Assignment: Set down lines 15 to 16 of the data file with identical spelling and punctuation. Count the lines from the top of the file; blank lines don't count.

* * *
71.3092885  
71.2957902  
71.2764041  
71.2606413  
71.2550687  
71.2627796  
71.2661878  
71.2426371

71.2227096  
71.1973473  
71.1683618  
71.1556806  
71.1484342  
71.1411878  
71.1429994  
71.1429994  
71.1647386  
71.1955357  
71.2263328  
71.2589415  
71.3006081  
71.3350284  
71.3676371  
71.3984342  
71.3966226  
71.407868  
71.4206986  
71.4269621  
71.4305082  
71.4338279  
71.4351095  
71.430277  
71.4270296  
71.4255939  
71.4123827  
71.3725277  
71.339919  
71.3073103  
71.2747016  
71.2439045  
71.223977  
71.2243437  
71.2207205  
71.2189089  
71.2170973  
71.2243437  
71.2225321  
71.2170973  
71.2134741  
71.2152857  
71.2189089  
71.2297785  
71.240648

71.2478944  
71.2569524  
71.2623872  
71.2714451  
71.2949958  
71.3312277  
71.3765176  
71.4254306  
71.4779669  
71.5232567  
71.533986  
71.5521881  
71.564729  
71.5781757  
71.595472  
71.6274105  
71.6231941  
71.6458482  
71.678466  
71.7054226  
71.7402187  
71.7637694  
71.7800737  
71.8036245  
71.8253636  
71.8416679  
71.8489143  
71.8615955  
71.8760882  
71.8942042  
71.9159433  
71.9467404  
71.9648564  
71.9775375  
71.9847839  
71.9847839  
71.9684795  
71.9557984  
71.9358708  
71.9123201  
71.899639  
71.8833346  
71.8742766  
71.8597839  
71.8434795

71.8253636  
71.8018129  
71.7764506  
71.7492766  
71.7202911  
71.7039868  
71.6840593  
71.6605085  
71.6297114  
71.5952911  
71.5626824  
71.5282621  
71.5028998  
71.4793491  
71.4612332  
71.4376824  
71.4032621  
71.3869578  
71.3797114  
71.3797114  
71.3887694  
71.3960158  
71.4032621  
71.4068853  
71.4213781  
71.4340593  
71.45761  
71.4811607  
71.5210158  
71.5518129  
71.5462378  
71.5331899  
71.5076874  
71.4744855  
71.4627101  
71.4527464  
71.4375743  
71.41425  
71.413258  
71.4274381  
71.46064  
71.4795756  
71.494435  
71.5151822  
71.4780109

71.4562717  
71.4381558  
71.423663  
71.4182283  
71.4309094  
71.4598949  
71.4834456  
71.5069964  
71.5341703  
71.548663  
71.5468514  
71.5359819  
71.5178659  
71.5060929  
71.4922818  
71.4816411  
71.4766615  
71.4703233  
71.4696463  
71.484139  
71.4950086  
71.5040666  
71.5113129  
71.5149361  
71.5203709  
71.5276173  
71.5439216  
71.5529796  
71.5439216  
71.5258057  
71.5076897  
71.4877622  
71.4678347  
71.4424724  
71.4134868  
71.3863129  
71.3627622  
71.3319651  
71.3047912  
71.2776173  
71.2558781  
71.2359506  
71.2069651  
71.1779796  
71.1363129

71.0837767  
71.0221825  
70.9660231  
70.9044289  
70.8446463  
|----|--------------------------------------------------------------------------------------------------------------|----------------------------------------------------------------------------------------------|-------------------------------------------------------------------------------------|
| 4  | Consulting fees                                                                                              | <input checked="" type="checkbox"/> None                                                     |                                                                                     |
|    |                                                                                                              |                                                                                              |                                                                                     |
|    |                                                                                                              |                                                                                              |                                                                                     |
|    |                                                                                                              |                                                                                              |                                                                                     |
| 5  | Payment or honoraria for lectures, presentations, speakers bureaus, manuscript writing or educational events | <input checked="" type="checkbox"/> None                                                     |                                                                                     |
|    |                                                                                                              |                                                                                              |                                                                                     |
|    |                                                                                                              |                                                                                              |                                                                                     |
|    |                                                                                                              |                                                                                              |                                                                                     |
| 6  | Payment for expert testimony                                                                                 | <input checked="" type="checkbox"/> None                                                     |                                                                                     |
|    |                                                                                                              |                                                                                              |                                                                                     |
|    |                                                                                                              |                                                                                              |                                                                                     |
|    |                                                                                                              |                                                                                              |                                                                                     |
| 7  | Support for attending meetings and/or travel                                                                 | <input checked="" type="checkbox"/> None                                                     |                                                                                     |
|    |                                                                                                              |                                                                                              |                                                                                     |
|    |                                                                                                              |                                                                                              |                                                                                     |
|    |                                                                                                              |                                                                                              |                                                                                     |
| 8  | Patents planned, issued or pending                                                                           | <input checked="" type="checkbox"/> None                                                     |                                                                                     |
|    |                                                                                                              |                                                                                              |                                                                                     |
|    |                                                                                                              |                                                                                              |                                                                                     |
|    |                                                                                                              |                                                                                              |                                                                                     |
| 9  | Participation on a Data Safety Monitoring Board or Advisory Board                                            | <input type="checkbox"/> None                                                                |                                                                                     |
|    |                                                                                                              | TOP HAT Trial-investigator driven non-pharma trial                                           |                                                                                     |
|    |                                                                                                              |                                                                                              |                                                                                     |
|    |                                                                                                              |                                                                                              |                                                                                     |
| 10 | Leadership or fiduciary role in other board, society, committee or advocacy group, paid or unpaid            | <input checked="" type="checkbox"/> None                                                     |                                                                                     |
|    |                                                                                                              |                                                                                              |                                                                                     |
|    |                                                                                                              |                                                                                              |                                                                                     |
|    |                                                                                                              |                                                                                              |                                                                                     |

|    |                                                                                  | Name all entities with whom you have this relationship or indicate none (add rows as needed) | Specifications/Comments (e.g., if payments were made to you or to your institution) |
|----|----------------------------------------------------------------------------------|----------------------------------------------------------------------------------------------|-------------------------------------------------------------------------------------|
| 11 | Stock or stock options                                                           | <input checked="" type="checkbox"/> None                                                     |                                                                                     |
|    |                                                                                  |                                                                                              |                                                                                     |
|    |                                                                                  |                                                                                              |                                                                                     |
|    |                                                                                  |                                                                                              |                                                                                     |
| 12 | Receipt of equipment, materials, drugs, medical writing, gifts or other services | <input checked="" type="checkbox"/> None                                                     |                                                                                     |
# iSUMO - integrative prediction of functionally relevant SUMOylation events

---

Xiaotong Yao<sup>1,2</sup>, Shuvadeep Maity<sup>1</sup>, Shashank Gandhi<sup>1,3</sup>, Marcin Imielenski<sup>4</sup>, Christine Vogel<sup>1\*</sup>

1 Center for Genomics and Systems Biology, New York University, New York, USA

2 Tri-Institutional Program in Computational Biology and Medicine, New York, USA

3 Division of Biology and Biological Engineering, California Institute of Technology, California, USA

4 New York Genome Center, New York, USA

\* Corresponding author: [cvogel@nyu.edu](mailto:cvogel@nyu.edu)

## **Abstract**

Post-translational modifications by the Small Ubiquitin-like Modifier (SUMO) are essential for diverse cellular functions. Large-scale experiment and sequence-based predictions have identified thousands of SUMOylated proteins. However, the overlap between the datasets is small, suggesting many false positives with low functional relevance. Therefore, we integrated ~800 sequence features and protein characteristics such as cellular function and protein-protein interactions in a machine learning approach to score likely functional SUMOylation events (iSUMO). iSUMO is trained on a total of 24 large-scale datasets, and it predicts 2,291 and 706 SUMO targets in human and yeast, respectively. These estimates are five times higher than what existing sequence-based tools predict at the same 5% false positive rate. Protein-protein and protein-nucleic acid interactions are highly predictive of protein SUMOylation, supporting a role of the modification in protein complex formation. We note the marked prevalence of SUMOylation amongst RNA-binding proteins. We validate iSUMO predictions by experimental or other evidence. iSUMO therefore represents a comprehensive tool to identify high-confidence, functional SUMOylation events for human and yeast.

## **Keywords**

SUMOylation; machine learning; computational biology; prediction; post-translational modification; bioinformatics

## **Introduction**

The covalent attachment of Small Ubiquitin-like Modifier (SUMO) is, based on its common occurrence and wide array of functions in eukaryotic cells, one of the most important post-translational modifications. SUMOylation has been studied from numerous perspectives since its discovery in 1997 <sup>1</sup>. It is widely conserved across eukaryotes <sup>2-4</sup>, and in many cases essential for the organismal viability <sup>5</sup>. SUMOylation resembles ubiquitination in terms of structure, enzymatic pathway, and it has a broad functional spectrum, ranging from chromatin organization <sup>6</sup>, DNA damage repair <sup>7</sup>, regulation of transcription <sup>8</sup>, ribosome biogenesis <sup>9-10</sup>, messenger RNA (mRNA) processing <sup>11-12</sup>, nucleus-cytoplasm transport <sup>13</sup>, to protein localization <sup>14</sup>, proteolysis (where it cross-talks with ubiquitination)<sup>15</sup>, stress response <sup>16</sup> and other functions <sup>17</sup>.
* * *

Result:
71.1429994  
71.1429994  